“Discontent, uneasiness, worry about a failed scheme; bad-tempered gnashing of teeth; in a word: resentment and dislike.” – Christian Schubart, 1784

“It is suited to frenzy, despair, agitation.” – Francesco Galeazzi, 1796

More G minor listening:
Dido’s Lament from Dido and Aeneas by Henry Purcell.

Der Erlkönig by Franz Schubert.

The Canadian connection:
“Your Rocky Spine” by Great Lake Swimmers.

Note: Historical quotes and translations from A History of Key Characteristics in the 18th and Early 19th Centuries, by Rita Steblin, UMI Research Press (1983).

 

RPM PODCAST WINS UNITED NATIONS GOLD MEDAL

The audio podcast “Electric Pow Wow” from the RPM Podcast series, produced by Paolo Pietropaolo for MBM Digital, has been awarded the United Nations DPI Gold Medal at the New York Festivals Radio Program and Promotion Awards.

In addition to this special distinction, “Electric Pow Wow” was also awarded a Silver Medal in the Audio Podcast – Culture & the Arts category. As well, “Atheist Pastors”, an episode of the CBC Radio program Tapestry with mix and sound design by Pietropaolo, was awarded a Gold Medal in the Religious Programs category.

On the RPM Podcast, Indigenous music and culture meet in sound. Each episode gives voice to the music, stories, and experiences of Indigenous artists from around the world by exploring a place, idea, or tradition that inspires Indigenous songs and people. “Electric Pow Wow” explores how the pow wow is getting plugged in, mashed up and remixed by 21st century artists.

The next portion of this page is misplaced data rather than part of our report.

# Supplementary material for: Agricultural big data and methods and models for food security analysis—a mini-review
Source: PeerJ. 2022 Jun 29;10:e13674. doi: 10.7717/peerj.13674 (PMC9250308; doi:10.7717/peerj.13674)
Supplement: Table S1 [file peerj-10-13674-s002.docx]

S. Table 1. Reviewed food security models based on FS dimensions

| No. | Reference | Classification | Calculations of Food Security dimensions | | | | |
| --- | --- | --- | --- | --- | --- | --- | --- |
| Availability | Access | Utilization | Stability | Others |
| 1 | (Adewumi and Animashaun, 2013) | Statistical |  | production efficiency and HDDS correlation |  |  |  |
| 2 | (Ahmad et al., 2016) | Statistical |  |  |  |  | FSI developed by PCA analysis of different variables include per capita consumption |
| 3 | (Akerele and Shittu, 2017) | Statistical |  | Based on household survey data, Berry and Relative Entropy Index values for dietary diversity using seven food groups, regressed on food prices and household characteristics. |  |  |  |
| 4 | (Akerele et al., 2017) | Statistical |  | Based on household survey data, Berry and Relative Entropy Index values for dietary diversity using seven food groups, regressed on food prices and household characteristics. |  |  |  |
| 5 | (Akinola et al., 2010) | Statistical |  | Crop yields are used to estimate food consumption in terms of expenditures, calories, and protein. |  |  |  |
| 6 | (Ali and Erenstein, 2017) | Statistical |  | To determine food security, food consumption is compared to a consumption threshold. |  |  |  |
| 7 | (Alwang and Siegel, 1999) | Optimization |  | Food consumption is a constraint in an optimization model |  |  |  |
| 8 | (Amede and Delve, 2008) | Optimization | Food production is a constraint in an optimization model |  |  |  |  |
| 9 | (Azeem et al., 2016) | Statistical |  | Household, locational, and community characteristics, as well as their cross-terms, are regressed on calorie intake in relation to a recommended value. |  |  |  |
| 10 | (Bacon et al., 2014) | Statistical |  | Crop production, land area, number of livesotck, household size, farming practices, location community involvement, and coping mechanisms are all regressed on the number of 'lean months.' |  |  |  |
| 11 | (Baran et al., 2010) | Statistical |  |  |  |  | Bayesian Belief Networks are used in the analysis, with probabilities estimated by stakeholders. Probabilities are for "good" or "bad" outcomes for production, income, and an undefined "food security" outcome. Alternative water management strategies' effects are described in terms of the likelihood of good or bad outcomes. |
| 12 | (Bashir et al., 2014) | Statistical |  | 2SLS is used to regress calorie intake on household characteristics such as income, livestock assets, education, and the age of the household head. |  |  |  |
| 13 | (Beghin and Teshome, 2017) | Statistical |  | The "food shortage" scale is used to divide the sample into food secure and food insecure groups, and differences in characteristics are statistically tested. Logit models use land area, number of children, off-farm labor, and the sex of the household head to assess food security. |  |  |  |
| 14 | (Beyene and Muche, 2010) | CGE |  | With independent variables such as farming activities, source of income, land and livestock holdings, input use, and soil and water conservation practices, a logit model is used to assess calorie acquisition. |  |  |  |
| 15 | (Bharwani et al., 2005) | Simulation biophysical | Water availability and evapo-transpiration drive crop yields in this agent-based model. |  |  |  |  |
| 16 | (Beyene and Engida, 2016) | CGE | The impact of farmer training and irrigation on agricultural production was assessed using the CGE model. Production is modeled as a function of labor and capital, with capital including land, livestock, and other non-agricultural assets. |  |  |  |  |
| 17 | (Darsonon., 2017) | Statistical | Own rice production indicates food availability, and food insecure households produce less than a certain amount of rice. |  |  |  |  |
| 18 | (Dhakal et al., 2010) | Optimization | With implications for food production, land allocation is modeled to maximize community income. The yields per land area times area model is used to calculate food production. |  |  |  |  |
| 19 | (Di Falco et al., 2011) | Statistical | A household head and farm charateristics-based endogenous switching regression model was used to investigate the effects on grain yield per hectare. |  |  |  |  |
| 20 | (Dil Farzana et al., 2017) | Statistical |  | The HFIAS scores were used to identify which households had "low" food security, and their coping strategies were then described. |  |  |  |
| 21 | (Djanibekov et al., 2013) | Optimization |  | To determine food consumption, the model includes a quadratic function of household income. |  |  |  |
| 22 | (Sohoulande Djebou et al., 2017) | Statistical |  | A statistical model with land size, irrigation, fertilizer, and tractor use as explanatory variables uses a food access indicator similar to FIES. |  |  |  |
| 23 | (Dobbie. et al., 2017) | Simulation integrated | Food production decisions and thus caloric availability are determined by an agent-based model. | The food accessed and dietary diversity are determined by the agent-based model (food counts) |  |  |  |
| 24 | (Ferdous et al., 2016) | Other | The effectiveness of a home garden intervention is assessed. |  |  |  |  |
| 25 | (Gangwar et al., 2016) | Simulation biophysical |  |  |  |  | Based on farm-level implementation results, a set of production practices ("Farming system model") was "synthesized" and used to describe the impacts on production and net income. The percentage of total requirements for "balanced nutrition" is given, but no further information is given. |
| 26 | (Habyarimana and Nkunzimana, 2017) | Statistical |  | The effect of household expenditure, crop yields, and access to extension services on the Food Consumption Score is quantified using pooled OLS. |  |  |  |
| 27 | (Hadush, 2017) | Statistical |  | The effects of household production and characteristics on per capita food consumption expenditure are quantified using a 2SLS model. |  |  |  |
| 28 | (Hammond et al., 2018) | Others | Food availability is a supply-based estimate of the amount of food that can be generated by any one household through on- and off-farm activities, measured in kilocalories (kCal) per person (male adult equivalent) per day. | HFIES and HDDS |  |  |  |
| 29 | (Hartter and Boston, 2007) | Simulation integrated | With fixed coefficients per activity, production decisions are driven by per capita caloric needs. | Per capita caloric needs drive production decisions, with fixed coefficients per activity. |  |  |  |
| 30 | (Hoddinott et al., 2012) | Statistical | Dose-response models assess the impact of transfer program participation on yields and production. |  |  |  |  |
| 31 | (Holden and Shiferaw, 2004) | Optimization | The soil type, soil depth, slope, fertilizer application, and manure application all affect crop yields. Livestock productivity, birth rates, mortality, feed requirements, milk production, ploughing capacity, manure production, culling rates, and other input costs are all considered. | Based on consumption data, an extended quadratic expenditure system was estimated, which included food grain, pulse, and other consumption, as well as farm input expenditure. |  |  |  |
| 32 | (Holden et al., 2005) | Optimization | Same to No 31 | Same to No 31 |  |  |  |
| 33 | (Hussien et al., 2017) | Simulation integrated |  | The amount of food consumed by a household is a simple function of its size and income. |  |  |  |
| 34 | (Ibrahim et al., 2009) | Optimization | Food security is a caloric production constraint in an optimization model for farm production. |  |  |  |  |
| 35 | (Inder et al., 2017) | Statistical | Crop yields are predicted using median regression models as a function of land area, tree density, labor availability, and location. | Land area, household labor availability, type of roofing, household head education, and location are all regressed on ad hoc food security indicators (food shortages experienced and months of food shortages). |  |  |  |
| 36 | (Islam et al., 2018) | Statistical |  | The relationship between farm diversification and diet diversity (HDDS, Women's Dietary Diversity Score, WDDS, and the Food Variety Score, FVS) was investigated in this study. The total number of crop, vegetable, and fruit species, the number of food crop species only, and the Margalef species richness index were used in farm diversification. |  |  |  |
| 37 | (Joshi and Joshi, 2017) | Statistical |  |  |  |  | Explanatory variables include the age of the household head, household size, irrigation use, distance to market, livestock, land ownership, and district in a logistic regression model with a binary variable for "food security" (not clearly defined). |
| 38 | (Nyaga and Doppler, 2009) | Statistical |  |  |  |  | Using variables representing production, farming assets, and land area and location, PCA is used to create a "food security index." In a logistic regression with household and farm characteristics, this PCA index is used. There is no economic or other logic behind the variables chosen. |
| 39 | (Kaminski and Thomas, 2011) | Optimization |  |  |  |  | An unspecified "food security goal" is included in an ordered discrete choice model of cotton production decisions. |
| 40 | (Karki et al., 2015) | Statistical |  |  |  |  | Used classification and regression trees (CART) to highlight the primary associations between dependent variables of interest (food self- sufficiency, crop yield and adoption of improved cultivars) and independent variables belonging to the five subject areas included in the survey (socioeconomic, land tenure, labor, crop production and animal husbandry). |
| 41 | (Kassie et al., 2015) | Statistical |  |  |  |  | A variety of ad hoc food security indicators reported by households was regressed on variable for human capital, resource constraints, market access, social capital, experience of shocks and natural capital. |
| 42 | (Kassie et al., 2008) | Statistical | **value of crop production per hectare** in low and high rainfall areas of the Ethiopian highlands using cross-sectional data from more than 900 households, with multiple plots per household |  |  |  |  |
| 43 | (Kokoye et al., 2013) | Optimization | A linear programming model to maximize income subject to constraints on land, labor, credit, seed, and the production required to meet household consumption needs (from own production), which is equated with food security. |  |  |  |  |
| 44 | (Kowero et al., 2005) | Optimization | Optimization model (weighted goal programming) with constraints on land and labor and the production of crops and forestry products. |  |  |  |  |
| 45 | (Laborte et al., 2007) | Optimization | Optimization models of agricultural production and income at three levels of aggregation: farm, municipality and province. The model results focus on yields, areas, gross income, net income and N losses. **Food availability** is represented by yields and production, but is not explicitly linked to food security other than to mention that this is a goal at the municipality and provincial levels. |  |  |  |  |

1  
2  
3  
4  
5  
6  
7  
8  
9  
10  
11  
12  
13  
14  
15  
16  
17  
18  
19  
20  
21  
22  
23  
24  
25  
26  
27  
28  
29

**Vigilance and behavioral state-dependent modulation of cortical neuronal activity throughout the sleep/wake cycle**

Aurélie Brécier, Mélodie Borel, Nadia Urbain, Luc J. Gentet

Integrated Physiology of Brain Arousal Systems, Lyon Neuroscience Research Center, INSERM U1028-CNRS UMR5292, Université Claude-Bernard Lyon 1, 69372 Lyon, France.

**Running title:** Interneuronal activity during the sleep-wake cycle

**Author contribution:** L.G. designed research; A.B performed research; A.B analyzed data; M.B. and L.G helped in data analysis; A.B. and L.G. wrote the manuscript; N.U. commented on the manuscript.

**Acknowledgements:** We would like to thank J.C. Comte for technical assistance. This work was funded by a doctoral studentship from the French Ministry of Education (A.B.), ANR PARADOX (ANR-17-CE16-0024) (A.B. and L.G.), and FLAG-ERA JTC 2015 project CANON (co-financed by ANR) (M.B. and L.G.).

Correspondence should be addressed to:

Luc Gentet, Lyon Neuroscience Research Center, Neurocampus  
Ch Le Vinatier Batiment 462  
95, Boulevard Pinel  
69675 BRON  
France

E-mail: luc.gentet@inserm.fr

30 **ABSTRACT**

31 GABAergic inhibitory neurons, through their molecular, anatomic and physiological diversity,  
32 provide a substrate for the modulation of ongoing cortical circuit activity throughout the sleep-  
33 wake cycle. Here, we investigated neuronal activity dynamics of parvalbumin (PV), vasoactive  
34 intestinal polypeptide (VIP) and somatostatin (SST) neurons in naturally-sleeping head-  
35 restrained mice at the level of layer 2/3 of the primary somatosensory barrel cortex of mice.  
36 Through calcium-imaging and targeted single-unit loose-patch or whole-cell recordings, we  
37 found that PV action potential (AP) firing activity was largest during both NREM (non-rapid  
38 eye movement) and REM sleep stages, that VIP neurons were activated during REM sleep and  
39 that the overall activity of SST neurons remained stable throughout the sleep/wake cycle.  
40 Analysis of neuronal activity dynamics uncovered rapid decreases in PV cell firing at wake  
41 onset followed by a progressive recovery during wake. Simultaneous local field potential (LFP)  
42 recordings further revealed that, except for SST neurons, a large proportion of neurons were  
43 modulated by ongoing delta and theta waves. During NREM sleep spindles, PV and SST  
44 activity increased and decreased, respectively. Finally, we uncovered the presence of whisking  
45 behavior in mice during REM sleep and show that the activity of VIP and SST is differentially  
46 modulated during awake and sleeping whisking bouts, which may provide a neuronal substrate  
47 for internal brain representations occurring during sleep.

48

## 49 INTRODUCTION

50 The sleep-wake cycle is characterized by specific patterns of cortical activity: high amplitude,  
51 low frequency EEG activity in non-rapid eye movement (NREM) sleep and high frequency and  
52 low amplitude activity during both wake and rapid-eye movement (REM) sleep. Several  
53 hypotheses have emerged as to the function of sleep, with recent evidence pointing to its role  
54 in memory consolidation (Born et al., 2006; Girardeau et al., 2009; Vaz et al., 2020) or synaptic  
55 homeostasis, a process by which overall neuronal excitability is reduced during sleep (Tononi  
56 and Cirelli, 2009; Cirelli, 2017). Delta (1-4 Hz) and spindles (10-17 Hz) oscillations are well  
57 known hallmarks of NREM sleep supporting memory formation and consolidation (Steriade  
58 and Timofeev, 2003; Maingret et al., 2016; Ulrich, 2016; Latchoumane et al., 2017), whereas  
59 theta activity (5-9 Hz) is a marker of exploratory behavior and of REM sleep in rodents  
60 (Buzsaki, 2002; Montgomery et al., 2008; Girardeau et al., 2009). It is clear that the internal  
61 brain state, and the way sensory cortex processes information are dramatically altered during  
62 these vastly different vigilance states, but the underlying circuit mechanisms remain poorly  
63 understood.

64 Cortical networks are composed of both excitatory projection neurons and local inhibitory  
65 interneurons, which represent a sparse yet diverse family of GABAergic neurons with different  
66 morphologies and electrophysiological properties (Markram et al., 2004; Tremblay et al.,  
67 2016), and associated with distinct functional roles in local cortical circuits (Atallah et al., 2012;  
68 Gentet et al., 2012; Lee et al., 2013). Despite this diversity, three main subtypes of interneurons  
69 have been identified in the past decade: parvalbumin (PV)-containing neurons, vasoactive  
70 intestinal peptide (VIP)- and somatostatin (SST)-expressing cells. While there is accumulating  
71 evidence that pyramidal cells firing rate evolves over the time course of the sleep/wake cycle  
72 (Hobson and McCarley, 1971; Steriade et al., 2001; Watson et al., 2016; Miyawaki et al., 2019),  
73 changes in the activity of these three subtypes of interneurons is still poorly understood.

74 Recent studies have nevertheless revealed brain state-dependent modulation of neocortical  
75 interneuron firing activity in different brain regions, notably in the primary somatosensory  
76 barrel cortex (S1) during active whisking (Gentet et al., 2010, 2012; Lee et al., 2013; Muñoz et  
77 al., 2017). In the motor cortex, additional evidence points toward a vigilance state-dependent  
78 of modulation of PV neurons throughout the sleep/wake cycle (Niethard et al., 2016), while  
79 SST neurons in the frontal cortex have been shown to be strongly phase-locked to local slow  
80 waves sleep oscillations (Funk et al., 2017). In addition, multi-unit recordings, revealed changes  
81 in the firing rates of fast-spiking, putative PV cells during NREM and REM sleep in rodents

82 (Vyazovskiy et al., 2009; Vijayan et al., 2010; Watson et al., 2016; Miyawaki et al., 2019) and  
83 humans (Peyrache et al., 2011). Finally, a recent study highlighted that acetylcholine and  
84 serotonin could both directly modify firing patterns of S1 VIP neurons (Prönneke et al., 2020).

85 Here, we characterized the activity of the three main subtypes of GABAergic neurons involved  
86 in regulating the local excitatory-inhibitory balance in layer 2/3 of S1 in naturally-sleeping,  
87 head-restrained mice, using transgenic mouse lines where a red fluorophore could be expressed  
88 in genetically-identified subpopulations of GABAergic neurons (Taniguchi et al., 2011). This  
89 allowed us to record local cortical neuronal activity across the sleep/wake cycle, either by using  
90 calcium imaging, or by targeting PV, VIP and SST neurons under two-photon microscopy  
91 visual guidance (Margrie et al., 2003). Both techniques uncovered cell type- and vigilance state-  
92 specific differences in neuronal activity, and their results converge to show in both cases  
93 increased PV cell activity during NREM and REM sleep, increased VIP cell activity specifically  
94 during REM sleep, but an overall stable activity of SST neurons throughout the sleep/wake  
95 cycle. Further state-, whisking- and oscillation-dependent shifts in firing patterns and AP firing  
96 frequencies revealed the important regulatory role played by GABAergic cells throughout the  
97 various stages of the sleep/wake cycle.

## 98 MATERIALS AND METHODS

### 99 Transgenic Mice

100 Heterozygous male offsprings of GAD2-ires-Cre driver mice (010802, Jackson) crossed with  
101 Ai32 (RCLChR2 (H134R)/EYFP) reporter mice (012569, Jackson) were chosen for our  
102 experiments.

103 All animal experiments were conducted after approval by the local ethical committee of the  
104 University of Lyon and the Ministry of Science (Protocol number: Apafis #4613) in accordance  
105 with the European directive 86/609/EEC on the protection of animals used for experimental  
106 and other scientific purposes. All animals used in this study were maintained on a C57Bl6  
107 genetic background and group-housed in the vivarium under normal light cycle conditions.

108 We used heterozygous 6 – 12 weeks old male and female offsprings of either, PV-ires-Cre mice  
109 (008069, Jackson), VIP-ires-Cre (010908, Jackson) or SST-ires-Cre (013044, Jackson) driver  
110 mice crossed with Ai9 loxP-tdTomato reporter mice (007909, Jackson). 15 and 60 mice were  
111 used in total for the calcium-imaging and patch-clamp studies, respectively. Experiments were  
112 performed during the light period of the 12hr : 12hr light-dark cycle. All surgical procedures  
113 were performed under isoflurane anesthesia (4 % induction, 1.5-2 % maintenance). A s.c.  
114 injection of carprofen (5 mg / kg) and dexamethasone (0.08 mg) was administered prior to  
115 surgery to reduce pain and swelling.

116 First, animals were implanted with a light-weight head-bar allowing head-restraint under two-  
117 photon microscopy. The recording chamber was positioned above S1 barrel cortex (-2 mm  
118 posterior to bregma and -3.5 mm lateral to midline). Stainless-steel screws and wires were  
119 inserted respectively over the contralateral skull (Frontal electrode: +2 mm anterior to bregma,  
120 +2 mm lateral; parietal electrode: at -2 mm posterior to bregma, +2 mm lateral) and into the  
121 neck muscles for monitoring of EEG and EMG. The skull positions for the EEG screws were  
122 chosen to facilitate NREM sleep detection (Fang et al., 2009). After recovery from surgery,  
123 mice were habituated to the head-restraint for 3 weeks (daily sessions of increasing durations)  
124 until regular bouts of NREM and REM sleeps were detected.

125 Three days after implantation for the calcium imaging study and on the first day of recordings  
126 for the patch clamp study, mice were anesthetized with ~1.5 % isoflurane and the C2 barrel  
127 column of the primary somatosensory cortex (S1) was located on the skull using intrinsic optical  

The RPM Podcast is hosted by Ron Dean Harris (aka Ostwelve), and produced by Pietropaolo, with executive producer Lynn Booth, creative producer Jarrett Martineau, and production manager Christa Couture at Make Believe Media Inc. in Vancouver.

“Atheist Pastors” is hosted by Mary Hynes and was produced for CBC Radio by Tina Pittaway and Nicola Luksic, with mix and sound design by Pietropaolo.

This marks the 7th consecutive year that Pietropaolo’s work has been recognized at the New York Festivals. In all, his productions have received seven Gold Medals, five Silver Medals and one Grand Award (for Best in Festival) during that time.